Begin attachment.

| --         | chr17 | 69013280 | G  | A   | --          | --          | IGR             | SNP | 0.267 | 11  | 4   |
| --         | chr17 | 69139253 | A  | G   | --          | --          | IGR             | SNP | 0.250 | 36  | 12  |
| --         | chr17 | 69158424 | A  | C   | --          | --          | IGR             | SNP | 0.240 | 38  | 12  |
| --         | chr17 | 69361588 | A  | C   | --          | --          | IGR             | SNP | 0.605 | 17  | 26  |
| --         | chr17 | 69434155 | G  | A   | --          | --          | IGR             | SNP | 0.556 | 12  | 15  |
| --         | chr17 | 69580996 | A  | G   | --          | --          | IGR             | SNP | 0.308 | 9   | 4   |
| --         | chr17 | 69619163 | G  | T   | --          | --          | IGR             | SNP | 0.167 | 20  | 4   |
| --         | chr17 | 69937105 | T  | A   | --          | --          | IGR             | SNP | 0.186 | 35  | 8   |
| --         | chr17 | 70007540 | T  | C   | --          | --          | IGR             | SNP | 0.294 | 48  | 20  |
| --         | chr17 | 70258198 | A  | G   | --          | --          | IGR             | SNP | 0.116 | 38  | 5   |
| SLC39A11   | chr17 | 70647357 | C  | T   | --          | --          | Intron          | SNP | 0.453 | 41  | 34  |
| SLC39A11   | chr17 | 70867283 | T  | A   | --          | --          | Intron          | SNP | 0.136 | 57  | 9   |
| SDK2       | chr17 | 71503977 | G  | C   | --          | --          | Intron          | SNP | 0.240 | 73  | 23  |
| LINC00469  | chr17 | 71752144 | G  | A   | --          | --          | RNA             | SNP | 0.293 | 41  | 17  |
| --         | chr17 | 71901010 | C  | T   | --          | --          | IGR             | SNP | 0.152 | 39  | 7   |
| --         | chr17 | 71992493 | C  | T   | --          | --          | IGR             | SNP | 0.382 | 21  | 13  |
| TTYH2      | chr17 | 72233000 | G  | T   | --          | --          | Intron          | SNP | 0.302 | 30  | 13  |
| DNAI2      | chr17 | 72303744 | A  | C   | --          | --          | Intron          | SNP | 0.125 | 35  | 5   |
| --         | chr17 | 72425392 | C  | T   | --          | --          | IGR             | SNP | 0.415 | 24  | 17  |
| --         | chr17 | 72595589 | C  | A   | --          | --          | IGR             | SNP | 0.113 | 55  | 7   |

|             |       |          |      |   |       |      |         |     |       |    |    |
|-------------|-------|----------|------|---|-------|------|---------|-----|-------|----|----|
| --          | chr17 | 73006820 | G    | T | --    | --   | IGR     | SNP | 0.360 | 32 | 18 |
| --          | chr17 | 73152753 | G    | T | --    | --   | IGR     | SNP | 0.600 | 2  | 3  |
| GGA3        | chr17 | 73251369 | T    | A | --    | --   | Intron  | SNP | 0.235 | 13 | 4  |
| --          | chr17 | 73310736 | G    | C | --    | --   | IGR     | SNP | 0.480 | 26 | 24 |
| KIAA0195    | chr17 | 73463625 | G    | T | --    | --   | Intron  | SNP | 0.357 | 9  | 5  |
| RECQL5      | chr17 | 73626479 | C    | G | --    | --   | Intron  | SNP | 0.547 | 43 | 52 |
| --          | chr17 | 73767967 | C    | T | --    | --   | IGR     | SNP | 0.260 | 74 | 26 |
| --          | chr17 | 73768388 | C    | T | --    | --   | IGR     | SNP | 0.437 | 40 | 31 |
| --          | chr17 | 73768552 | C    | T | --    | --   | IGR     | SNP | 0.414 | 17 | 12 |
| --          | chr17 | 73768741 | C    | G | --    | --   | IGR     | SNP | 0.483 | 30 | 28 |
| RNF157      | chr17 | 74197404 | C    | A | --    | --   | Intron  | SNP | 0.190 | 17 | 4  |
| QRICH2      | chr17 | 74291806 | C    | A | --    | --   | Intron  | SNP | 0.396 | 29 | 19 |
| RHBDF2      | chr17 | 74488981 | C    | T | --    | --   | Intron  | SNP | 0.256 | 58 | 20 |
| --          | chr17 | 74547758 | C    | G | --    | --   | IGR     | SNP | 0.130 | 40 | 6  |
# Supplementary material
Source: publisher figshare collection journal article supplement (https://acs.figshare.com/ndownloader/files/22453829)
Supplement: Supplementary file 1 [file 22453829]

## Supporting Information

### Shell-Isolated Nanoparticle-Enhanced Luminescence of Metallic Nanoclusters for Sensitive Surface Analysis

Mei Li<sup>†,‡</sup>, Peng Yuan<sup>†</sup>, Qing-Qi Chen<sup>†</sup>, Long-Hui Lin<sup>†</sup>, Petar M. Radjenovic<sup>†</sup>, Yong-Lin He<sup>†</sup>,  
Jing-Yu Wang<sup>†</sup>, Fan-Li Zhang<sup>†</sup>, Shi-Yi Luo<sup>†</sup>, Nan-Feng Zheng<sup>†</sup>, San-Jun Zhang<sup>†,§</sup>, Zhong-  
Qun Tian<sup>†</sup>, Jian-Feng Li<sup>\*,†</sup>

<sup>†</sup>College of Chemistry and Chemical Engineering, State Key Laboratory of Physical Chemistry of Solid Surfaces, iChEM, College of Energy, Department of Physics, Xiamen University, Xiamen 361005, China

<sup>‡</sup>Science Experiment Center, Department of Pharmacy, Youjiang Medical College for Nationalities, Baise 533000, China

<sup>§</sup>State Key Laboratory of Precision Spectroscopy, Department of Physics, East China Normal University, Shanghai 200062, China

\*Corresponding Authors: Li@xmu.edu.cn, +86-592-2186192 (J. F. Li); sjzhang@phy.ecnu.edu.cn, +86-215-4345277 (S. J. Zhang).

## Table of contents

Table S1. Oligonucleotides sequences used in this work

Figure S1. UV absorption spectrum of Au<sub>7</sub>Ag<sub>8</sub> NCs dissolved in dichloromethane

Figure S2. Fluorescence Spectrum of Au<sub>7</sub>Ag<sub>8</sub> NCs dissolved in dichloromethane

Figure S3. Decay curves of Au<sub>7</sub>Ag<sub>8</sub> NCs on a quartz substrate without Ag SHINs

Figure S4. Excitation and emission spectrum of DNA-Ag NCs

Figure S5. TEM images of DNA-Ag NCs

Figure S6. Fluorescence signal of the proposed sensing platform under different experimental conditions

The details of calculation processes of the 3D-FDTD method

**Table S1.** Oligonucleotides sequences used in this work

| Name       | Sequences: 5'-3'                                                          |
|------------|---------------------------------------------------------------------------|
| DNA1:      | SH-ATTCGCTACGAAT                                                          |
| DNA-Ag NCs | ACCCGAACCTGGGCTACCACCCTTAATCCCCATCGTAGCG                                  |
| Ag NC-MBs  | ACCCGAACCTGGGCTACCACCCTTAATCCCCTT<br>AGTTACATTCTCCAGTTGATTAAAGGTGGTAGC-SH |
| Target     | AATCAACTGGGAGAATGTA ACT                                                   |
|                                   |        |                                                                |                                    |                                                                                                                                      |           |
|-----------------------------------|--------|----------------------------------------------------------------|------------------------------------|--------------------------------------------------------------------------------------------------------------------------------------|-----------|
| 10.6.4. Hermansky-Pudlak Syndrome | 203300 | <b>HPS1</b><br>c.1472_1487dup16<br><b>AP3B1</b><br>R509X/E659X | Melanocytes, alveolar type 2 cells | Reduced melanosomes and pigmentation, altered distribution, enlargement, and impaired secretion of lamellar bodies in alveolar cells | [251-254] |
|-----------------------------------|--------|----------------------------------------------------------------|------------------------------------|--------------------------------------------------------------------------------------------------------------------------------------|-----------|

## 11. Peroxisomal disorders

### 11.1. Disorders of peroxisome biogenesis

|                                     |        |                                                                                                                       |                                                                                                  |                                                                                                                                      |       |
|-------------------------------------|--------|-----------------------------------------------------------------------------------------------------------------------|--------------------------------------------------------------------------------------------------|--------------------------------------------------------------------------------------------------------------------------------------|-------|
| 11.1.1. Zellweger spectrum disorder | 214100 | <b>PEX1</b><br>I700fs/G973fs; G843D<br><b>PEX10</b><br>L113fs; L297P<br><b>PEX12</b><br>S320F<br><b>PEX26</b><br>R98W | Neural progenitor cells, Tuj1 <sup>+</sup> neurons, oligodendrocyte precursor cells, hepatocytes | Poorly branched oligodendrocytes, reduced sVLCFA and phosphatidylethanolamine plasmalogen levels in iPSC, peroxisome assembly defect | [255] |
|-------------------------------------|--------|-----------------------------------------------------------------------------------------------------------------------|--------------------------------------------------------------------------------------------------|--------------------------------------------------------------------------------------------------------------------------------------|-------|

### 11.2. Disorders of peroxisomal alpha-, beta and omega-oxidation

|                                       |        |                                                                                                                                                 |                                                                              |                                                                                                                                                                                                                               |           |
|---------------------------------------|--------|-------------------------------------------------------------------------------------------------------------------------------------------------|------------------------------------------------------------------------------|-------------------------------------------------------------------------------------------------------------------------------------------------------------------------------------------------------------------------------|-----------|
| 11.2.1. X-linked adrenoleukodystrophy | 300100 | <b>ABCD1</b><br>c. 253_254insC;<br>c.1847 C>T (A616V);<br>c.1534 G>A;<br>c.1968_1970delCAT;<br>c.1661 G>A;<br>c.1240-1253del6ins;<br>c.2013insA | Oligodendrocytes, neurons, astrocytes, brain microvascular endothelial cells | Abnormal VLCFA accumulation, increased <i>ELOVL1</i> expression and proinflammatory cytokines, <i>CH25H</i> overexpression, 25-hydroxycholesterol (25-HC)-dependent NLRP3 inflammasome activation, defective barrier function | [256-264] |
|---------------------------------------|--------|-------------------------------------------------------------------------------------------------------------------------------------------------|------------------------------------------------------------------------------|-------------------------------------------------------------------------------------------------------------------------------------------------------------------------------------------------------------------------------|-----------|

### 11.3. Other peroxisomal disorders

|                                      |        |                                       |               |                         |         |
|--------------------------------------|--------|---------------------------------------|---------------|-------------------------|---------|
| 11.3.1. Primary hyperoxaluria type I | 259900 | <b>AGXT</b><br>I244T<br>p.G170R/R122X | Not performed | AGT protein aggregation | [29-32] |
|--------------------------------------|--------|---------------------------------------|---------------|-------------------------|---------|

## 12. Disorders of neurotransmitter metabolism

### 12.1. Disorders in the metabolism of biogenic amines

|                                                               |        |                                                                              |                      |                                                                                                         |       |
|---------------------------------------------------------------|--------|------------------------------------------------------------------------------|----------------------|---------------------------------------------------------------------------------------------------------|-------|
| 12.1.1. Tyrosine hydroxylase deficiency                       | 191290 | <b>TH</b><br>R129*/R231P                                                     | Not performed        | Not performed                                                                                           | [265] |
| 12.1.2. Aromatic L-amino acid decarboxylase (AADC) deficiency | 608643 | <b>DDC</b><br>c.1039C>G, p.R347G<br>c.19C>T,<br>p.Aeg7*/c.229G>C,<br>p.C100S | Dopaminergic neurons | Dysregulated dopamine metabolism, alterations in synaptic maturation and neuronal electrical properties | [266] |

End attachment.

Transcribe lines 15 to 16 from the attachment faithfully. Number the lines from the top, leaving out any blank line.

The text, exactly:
| --         | chr17 | 71901010 | C  | T   | --          | --          | IGR             | SNP | 0.152 | 39  | 7   |
| --         | chr17 | 71992493 | C  | T   | --          | --          | IGR             | SNP | 0.382 | 21  | 13  |